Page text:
Depression

Teens: Suburban Blues

Money does not equal happiness, especially for the young.
Teens: Suburban Blues

Money does not equal happiness, especially for the young.
Affluent kids suffer higher rates of depression, but time with
family can help.

By: Hara Estroff Marano

A report from the suburbs has some surprising news about children
growing up in the culture of affluence. It’s a longitudinal study
and the interesting finding is that the kids have a multitude of
adjustment problems. The surprise is that they often have more
problems than age-matched kids growing up in the inner city—and
their problems persist despite the mental health services
presumably available to them.

Beyond a certain point, the researchers found, the pursuit of
status and material wealth by high-earning families (say,
0,000 and above) tends to leave skid marks on the kids, but in
ways you might not have expected. Affluent suburban high
schoolers not only smoke more, drink more, and use more hard
drugs than typical high schoolers do—they do so more than a
comparison group of inner-city kids. In addition, they have much
higher rates of anxiety and, in general, higher rates of
depression.

Among affluent suburban girls, rates of depression skyrocket—they
are three times more likely than average teen girls to report
clinically significant levels of depression. And for all
problems, the troubles seem to start in the seventh grade. Before
then, the affluent kids do well.

Interestingly, among the upper-middle-class suburban kids, but
not among the inner-city kids, use of alcohol and drugs is linked
with depression and anxiety. That raises the possibility that
substance use is an attempt to self-medicate.

What’s more, this so-called negative-affect type of substance use
tends to endure; it doesn’t disappear after the teen years. The
researchers also found that among the suburban boys, popularity
with peers went hand in hand with substance use.

What’s it all about? In part, the affluent kids are responding to
achievement pressures. Rates of depression, anxiety, and
substance use were high among those whose families overemphasized
their accomplishments and who saw achievement failures as
personal failures.

Isolation—emotional as well as literal—from adults also played a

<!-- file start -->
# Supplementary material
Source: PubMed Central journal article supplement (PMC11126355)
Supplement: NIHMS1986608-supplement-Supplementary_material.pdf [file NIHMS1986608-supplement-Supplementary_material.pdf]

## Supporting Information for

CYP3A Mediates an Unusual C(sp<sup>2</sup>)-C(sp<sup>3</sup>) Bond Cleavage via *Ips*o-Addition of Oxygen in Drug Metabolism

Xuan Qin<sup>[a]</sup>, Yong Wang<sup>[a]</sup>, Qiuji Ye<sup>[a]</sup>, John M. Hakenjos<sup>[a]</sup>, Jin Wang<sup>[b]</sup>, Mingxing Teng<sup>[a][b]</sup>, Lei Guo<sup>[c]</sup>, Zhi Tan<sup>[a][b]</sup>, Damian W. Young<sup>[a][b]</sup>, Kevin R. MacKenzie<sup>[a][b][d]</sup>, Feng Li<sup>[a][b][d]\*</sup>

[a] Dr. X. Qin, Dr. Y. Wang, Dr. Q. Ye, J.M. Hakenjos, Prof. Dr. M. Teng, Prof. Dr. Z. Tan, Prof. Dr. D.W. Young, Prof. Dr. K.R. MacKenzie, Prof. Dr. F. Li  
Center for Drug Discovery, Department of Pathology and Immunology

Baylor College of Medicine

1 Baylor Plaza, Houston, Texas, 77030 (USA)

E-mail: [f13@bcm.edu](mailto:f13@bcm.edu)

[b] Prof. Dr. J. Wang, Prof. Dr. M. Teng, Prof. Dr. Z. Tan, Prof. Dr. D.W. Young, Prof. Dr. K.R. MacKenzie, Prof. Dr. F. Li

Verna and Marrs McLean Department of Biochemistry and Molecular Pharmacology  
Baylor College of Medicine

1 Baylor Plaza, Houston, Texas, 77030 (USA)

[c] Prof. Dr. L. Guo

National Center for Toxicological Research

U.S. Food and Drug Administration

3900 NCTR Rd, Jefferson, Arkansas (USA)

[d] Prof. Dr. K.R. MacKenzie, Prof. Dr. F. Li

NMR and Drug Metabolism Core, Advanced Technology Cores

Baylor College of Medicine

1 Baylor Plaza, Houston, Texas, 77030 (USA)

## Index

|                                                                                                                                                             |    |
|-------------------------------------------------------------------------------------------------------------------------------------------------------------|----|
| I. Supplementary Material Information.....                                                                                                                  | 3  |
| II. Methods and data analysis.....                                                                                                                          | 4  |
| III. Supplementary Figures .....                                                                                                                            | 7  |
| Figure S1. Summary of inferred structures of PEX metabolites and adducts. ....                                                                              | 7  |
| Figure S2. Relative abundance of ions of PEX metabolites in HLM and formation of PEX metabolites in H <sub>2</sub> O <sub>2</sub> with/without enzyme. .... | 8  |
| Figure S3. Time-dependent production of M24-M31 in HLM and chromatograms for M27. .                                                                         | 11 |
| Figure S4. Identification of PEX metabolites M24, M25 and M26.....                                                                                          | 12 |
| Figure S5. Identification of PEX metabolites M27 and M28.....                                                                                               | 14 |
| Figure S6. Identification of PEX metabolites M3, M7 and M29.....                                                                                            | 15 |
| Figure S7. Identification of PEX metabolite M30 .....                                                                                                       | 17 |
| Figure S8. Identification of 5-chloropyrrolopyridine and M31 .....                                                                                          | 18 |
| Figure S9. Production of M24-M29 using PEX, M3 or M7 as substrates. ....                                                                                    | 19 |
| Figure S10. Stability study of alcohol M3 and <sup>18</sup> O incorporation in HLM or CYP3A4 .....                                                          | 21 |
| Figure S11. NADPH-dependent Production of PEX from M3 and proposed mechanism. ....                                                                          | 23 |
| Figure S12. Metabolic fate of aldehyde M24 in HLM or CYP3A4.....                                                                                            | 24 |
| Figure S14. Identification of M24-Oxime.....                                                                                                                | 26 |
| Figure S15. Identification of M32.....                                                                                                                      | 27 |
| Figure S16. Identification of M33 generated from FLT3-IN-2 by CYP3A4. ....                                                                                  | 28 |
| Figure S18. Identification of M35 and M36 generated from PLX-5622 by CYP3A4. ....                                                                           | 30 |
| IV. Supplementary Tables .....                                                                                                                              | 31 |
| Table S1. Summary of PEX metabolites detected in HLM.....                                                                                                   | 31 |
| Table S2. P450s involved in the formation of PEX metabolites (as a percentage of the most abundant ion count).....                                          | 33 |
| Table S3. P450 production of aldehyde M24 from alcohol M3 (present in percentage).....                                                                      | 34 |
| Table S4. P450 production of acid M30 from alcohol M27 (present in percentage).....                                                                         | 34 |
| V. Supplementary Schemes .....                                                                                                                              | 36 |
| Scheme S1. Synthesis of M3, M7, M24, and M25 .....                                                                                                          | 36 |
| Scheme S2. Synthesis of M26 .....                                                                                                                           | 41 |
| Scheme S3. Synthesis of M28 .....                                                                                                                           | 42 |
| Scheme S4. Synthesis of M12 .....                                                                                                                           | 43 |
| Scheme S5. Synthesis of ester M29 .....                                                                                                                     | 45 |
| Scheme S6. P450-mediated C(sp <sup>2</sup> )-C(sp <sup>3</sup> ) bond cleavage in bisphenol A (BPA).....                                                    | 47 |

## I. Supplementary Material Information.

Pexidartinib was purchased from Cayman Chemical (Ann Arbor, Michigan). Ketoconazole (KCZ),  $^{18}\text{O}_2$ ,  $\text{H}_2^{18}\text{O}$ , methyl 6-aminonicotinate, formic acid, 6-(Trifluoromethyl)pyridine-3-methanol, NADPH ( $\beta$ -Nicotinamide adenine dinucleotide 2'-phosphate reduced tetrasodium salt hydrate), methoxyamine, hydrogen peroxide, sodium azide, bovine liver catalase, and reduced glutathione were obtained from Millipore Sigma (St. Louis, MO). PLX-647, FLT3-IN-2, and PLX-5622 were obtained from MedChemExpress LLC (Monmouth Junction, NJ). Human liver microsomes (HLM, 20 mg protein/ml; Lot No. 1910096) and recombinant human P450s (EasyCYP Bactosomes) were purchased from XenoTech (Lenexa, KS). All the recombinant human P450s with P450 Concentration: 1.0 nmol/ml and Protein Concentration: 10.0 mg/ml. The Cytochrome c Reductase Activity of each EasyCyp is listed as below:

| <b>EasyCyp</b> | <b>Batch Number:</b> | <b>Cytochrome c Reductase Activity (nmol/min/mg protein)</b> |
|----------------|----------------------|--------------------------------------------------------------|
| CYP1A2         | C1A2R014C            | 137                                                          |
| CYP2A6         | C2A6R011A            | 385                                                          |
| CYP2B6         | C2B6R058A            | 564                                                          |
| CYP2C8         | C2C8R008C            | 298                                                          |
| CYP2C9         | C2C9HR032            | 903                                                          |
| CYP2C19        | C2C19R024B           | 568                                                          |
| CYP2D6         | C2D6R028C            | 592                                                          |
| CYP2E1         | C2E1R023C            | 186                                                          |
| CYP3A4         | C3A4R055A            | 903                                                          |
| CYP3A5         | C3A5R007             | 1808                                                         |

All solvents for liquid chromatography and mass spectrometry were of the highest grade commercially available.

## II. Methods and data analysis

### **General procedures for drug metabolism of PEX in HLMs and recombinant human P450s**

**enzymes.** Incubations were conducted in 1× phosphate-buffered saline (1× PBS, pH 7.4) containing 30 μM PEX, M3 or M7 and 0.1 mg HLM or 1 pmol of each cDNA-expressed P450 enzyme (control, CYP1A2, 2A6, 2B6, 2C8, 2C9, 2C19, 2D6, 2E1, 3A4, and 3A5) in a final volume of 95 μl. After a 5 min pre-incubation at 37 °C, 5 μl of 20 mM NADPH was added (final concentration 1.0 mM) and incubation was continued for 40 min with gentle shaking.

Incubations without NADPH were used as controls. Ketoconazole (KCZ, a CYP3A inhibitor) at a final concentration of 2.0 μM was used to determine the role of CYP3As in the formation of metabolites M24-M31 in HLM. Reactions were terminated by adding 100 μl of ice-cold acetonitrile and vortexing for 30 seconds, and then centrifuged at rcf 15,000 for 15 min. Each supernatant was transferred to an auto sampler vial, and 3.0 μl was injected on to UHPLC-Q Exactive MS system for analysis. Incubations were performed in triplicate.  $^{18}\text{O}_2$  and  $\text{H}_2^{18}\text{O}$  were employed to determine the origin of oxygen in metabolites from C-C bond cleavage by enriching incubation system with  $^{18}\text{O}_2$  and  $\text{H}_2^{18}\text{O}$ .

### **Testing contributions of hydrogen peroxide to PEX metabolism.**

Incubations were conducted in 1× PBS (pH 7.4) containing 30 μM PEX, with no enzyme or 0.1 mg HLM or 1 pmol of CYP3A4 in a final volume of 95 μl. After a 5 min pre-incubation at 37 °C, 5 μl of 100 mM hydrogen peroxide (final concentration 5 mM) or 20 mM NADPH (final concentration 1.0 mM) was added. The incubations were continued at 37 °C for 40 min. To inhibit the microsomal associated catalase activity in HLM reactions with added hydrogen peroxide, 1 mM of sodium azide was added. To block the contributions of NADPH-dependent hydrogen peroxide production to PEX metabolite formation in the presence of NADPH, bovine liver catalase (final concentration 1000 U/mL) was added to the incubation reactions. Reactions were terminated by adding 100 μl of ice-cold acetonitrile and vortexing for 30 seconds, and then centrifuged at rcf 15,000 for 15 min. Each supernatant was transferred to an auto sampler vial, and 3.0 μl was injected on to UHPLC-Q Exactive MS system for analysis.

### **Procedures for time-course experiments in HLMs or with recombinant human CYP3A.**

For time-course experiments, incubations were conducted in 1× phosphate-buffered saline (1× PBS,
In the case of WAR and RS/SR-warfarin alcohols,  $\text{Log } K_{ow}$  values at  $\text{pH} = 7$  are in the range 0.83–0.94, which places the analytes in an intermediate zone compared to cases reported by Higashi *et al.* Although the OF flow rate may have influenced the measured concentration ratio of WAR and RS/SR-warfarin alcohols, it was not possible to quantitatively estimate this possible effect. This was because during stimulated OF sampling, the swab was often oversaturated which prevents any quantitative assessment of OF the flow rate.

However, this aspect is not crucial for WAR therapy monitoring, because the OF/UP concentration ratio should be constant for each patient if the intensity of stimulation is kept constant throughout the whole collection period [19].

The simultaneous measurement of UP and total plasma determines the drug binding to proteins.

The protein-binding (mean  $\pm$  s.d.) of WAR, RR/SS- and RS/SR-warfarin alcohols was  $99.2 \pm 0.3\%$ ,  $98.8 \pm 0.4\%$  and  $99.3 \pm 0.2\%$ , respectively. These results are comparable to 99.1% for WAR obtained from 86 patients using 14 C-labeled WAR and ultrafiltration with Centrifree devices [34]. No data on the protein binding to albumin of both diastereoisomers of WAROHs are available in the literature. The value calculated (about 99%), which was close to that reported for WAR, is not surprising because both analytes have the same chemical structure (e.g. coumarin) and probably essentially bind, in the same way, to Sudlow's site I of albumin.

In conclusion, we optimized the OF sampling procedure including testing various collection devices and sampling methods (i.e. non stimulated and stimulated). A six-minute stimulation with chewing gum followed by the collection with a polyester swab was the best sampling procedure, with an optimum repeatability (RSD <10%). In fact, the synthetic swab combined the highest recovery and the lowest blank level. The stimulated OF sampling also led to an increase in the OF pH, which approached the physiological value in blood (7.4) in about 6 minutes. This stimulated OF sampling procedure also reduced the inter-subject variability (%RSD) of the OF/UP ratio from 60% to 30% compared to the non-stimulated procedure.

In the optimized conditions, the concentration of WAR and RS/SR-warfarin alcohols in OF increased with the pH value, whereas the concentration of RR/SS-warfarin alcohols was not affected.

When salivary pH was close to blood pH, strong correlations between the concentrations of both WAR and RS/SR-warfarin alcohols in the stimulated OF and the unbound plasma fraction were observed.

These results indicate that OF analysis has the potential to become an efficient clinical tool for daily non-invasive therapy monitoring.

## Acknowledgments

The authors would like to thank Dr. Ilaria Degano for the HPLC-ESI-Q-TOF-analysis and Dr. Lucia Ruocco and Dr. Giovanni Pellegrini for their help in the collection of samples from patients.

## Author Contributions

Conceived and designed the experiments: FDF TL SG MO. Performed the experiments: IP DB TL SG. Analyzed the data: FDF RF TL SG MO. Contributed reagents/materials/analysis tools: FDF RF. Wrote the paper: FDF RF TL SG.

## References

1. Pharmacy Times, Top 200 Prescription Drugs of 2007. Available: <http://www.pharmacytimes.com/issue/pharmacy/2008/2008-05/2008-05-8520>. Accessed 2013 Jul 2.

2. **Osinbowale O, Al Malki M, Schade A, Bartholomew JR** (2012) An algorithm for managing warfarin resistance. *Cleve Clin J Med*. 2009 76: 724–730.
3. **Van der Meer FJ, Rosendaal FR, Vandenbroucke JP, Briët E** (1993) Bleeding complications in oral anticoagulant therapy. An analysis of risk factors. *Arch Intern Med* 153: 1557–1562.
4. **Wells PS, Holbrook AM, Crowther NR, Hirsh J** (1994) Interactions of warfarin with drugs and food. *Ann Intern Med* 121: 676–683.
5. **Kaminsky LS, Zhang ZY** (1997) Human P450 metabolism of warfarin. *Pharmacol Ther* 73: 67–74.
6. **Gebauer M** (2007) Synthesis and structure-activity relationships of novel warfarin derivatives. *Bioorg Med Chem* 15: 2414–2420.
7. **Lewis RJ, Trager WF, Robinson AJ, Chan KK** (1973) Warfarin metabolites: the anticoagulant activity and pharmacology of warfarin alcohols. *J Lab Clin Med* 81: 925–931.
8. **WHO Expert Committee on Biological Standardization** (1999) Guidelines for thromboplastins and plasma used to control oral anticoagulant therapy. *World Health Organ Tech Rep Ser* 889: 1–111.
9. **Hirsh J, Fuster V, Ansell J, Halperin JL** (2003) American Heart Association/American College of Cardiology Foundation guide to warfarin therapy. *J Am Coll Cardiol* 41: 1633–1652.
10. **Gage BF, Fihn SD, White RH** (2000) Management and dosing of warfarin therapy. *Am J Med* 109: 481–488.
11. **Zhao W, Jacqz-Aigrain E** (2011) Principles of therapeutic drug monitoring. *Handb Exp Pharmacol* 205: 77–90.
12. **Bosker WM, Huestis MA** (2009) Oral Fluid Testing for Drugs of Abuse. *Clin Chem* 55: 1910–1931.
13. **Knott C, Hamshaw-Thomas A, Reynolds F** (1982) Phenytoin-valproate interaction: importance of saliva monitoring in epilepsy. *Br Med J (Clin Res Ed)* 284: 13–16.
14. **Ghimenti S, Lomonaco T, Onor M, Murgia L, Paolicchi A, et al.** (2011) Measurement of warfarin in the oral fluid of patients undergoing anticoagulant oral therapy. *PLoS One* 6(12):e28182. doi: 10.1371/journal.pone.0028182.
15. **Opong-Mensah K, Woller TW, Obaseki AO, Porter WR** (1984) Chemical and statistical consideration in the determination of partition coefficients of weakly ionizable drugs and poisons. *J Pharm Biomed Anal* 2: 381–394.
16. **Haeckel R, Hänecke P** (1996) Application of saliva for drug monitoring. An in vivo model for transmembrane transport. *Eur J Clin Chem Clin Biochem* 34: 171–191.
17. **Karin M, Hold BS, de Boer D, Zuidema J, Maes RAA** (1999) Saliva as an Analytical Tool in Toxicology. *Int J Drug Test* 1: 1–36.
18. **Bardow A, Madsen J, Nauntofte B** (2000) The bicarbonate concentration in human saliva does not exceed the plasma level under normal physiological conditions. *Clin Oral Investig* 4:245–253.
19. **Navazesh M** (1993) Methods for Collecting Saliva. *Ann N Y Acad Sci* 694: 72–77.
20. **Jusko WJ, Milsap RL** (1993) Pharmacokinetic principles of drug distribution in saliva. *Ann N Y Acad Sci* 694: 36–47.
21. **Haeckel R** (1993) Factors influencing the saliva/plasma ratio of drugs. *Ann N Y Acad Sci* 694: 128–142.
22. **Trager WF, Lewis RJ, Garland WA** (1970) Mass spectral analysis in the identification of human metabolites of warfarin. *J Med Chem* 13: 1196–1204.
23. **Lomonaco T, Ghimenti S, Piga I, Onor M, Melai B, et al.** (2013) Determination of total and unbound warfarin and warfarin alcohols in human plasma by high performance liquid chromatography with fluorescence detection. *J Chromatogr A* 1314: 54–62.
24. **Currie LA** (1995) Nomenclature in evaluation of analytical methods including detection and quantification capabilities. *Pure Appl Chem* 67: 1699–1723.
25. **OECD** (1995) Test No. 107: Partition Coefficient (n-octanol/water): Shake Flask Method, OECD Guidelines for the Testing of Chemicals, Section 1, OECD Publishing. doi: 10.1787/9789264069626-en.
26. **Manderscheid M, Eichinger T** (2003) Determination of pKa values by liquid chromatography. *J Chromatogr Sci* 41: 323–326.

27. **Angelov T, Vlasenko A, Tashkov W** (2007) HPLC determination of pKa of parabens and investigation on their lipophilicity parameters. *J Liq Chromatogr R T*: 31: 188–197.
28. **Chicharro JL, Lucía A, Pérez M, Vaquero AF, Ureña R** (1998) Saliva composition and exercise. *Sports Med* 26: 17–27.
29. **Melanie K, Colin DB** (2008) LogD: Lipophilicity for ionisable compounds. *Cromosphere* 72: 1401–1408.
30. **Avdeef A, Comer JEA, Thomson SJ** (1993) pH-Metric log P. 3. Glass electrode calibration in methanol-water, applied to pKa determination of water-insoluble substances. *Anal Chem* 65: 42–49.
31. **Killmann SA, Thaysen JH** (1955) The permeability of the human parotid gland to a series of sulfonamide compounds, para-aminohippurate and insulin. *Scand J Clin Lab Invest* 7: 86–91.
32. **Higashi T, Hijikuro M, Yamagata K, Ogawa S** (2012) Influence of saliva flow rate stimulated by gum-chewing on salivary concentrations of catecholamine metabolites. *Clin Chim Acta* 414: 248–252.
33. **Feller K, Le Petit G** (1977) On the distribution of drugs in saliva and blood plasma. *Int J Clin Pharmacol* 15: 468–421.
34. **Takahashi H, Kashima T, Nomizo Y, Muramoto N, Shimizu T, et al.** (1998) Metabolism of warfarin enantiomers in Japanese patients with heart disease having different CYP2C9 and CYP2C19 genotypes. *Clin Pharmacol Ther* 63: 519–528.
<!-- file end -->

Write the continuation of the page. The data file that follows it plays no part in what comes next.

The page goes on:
big role. Where the demands of the parents’ own professional
careers eroded relaxed family time, and the kids shuttled between
various after-school activities, distress and substance use among
the young were high.

Accessibility counts. “A common assumption is that parents are
more accessible to high- than to low-income youth, but our data
showed otherwise,” the researchers reported. Wealthier kids
didn’t feel closer to parents or spend more time with them at the
dinner table, for example.

Eating dinner with at least one parent on most nights turned out
to be a big deal. It predicted both adjustment and school
performance—at both economic extremes.

Why do affluent kids have so many problems if their families can
easily afford to get professional help for them? Maybe, the
investigators suggested on the basis of other research, the
parents aren’t eager to delve into problems that are not
conspicuous—unless symptoms include those that inconvenience
adults, such as disobedience.

Privacy concerns and embarrassment may also keep parents from
attending to invisible problems. They may need to maintain a
veneer of well-being. Then there are all the inconveniences of
daily life that impede them—the demands of their very
high-powered careers that provide so well for their families.
“Few families would blithely repudiate such rewards,” the
researchers concede.

Here’s the kicker: Even if the kids of the affluent got all the
mental health care they need, something irreplaceably protective
would still be missing from their lives: strong attachments with
parents. Research shows that you can’t relieve “crystallized m
aladjustment” as long as kids’ everyday lives still present major
challenges.

So what’s to be done? First and foremost, say the researchers, be
aware of the costs of overscheduled and competitive lifestyles.
Second, understand the risks affluence poses to healthy
adjustment of children. And a third measure seems self-evident:
Make dinner a command performance for all family members.

Source: Psychology Today, 22 March 2005
Copyright Sussex Publishers, LLC. 2006.

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